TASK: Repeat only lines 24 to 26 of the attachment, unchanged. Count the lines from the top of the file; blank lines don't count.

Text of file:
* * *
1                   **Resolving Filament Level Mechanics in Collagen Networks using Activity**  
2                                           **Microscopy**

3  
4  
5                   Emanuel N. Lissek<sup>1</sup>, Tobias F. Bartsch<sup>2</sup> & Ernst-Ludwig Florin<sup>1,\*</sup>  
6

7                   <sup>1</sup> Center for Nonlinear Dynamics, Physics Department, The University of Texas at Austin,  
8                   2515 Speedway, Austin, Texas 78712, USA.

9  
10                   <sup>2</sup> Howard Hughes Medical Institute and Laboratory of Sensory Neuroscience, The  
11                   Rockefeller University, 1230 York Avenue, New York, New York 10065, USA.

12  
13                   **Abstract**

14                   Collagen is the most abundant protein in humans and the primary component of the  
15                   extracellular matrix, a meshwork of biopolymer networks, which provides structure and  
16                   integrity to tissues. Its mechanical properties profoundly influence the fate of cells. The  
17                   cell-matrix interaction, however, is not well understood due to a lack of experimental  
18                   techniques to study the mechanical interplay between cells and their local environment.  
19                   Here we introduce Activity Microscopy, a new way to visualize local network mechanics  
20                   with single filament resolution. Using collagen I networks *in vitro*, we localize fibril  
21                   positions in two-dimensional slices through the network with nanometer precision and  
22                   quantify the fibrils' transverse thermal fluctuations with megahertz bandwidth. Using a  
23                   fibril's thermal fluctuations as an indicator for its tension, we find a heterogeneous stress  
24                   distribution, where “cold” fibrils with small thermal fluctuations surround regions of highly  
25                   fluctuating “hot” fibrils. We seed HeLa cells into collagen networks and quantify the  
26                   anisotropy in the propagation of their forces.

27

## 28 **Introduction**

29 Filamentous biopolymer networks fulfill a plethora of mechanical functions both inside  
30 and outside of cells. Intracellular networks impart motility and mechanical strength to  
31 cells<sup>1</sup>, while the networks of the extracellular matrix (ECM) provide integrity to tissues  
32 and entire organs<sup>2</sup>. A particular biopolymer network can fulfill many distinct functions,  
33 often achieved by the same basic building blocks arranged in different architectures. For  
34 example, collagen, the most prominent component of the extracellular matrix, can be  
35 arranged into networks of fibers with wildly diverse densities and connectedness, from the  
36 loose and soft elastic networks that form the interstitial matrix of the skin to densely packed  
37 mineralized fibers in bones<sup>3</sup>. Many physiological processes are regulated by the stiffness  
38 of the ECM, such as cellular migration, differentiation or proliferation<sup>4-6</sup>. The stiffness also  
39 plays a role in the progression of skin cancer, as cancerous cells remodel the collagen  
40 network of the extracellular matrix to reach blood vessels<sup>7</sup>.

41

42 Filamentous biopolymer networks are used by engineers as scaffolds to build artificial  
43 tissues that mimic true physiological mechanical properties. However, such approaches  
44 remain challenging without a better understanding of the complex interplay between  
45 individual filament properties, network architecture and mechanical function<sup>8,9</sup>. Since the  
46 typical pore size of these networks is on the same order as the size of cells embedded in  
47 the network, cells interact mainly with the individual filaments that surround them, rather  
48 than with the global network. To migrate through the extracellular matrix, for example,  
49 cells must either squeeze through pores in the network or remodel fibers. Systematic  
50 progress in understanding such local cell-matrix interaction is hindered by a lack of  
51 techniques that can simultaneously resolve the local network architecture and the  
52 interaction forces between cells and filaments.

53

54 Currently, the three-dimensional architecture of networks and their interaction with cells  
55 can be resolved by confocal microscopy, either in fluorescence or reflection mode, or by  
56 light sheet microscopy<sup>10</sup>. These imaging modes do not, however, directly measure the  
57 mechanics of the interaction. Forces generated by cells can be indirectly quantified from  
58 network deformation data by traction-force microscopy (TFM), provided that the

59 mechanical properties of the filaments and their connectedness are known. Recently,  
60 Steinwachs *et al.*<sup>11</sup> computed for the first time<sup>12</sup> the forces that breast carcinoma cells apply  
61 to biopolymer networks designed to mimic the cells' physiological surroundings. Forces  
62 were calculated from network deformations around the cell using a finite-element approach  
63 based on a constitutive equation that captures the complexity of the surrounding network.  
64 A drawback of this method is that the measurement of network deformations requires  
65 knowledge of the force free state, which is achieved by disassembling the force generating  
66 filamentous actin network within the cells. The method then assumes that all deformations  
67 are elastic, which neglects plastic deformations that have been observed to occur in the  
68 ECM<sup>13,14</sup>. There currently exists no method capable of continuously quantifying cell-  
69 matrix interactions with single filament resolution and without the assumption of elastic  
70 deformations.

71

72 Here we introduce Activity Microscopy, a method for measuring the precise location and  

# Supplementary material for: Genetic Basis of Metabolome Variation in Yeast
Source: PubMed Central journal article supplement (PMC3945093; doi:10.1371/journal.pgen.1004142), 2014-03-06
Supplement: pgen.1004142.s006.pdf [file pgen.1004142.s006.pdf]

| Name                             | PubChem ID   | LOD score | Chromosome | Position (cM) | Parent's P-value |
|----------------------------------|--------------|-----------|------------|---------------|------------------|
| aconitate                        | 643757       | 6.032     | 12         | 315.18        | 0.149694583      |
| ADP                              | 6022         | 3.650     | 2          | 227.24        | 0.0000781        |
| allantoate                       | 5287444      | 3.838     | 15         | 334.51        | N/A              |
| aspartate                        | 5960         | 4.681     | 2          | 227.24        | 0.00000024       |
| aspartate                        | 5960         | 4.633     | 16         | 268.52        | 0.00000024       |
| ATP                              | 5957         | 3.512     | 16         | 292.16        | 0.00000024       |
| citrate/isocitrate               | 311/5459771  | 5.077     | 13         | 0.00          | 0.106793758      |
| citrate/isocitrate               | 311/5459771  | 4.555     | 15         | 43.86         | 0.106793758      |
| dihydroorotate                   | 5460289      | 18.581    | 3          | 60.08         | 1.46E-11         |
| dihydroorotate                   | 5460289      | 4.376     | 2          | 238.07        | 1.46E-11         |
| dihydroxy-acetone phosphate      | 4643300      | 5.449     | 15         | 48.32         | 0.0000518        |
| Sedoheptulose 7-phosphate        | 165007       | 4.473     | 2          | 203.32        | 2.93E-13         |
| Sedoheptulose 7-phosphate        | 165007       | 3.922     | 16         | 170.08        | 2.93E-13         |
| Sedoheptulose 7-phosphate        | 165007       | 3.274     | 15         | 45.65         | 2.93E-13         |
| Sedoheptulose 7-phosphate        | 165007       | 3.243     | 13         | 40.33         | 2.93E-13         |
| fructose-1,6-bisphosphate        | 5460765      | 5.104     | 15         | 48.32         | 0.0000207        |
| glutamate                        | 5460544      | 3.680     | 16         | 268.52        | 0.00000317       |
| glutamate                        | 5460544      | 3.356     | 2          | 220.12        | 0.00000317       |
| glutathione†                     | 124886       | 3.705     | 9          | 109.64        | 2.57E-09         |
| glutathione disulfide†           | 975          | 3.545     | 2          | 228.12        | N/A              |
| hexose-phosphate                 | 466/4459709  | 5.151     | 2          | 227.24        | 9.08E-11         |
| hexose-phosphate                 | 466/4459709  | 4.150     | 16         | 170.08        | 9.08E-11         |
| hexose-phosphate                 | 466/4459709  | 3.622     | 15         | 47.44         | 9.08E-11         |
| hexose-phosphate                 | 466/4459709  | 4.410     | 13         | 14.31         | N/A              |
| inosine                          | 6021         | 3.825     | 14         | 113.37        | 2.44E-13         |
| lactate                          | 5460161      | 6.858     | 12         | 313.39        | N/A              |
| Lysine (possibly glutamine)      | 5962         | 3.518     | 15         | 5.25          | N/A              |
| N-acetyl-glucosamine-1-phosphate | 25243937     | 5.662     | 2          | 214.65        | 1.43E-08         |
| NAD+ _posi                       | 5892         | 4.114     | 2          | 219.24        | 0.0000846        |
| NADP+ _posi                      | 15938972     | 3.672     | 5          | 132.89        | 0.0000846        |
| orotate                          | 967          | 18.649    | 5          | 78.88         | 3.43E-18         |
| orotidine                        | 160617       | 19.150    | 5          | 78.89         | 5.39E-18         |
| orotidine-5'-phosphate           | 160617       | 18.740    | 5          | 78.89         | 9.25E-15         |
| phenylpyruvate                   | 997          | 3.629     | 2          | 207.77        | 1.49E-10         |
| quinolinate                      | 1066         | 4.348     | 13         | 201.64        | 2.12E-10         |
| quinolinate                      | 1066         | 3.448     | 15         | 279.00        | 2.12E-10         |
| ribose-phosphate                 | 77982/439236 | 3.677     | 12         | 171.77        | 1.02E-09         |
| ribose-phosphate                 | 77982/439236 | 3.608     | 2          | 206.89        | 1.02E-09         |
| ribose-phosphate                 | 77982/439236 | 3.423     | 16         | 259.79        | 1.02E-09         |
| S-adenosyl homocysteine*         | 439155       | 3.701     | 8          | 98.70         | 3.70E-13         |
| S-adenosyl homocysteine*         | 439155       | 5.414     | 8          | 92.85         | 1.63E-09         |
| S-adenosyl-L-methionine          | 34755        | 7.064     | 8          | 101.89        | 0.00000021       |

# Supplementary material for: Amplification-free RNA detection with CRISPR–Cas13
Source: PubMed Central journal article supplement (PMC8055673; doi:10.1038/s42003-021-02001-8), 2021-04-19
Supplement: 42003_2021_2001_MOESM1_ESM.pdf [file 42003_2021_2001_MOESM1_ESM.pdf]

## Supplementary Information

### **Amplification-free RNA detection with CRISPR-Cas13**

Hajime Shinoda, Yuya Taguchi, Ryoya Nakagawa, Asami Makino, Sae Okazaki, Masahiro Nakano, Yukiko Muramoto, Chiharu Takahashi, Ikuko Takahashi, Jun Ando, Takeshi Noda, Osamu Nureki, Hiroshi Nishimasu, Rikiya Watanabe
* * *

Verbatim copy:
24                   distribution, where “cold” fibrils with small thermal fluctuations surround regions of highly  
25                   fluctuating “hot” fibrils. We seed HeLa cells into collagen networks and quantify the  
26                   anisotropy in the propagation of their forces.